1. I hope rob long can chime in on “real risk” – he wrote the book :-). Perhaps safety looks at risk mostly objectively ie individual physical hazard identification and control in isolation whereas I like to think that “real risk” applies more critical to thought to that hazard or situation – how do people really interact with it and each other (different for everybody, heuristics, unconscious decisions), is it really a hazard or high risk or is that just what someone imagines or are there particular biases influencing or has it been socially amplified?, what else is going on around it? What are the byproducts and risk shifts of the various controls we could apply if in fact we should do anything at all? Could the risk be good for us? Are there more important things to focus on? Etc etc so I guess there may be some objectivity but seems mostly subjective to me – sorry to ramble, just gotta rush out the door – a massive subject and worthy of a proper discussion away from a blog. Can I send you s free copy of “Real Risk”?

  10. Thanks, Dave. I think I understand your position and it makes sense, though does still seem to be a tendency more toward risk as objective facts rather than “entirely” subjective (and just to pre-empt and be clear, no I don’t think that the existence of subjective facts precludes the existence of objective facts or visa versa). An extreme post-modernist answer would have been far more interesting and fun though 🙂

    As for a copy of the book, appreciate the offer. However, I do have access to a copy via colleagues and will one day get around to reading it (not a criticism, it’s just not top of my reading list right now) so it would probably be of greater benefit to somebody else at this particular point in time.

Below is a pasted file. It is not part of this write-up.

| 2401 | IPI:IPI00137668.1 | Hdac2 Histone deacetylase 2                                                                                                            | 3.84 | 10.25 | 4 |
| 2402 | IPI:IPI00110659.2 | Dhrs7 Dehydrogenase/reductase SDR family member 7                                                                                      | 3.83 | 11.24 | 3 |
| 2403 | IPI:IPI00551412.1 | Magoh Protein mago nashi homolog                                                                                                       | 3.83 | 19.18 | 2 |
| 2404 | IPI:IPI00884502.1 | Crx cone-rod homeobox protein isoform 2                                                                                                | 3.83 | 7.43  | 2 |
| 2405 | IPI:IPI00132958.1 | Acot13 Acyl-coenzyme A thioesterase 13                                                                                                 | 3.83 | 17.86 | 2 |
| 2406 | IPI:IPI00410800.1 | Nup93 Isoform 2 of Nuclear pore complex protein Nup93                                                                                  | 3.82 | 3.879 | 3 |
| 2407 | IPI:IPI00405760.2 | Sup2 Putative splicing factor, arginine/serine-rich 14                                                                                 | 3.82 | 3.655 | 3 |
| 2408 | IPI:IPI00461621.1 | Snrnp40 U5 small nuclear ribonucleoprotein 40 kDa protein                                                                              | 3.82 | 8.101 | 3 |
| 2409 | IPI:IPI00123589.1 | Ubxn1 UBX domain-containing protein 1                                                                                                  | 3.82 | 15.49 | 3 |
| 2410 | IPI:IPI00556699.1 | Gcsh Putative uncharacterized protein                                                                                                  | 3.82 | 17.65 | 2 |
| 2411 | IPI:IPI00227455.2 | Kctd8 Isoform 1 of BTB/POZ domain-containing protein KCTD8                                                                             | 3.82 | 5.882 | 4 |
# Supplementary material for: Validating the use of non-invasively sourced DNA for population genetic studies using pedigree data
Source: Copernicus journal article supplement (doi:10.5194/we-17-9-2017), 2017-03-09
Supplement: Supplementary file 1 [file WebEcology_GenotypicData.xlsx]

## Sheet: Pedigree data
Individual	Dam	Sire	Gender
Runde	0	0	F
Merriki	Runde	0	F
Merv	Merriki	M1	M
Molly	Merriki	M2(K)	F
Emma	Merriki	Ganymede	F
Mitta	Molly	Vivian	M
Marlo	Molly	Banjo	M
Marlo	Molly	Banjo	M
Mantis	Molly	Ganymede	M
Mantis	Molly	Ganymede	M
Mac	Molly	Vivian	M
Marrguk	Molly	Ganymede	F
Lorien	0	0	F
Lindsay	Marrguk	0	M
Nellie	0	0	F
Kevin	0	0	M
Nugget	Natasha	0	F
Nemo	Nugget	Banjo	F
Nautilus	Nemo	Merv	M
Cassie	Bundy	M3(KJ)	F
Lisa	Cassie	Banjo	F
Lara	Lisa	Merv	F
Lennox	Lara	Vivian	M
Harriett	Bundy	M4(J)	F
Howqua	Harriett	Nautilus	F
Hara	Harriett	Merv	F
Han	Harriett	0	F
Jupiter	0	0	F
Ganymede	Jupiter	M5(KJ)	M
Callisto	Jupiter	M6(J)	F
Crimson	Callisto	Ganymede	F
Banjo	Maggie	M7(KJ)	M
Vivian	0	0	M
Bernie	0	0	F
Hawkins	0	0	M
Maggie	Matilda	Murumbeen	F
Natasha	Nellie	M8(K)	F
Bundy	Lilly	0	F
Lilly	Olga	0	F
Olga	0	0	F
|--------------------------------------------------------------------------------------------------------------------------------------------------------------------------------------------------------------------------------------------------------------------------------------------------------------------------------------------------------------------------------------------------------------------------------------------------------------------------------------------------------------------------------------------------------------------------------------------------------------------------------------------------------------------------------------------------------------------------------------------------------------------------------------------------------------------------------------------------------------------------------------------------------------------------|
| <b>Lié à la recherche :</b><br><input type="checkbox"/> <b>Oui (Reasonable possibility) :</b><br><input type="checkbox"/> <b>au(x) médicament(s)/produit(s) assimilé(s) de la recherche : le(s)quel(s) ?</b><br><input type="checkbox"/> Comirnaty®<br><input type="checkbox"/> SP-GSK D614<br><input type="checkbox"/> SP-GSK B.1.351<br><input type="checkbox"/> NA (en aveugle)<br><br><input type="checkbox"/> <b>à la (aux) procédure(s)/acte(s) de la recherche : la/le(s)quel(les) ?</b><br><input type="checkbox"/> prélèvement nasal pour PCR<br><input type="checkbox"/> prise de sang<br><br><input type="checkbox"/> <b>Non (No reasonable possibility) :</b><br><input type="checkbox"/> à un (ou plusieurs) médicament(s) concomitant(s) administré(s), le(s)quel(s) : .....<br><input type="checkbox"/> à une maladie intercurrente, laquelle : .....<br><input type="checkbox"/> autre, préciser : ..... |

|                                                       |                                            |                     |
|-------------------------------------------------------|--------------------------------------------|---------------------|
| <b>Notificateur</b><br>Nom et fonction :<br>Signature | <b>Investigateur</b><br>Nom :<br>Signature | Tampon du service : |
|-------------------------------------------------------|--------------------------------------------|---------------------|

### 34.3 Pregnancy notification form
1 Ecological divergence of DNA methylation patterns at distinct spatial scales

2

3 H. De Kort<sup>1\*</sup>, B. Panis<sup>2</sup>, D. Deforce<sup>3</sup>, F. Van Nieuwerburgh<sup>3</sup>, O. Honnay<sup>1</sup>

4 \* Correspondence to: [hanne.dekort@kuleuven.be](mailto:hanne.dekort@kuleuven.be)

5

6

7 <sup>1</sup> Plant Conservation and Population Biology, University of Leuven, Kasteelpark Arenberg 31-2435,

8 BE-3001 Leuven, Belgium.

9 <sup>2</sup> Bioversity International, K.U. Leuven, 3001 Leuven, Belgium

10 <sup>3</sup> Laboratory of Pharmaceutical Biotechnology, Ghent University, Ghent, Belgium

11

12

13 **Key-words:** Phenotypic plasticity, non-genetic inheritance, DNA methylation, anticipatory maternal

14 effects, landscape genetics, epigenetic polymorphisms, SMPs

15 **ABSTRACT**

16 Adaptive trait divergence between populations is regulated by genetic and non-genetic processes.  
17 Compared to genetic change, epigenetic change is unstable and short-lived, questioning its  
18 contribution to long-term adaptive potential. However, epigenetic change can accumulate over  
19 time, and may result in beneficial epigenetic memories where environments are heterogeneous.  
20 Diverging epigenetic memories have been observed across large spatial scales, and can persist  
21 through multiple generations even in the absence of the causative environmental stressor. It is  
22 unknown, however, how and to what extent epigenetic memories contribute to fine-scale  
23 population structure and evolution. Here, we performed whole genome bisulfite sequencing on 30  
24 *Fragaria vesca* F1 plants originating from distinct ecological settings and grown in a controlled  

1. Yeah I just chose objects as an example of how they may be handled differently by a safety or risk approach. My engineer brain can’t cope with too many extreme post-modernist thoughts 🙂

  11. The following is worth reading:

    https://www.kent.ac.uk/scarr/papers/Sociology%20Literature%20Review%20WP1.04%20Zinn.pdf

    Different = Different, it does not equal wrong.

    This is why transdisciplinarity (Nicolescu ) which embraces the middle fertile ground between the objective and subjective is so critical.

    The SIA BOK and the WHS curricula adopt an inordinate positivist or objective approach. Indeed the scientific approach is certainly not superior, it often produces more questions than answers.

  12. Riskcurious, I’m with you. Neither risk or safety management are professions. No profession with any integrity would deny fallibility. The global adoration and cultic worship of Zero destroys any sense of vision, imagination or education required in a profession.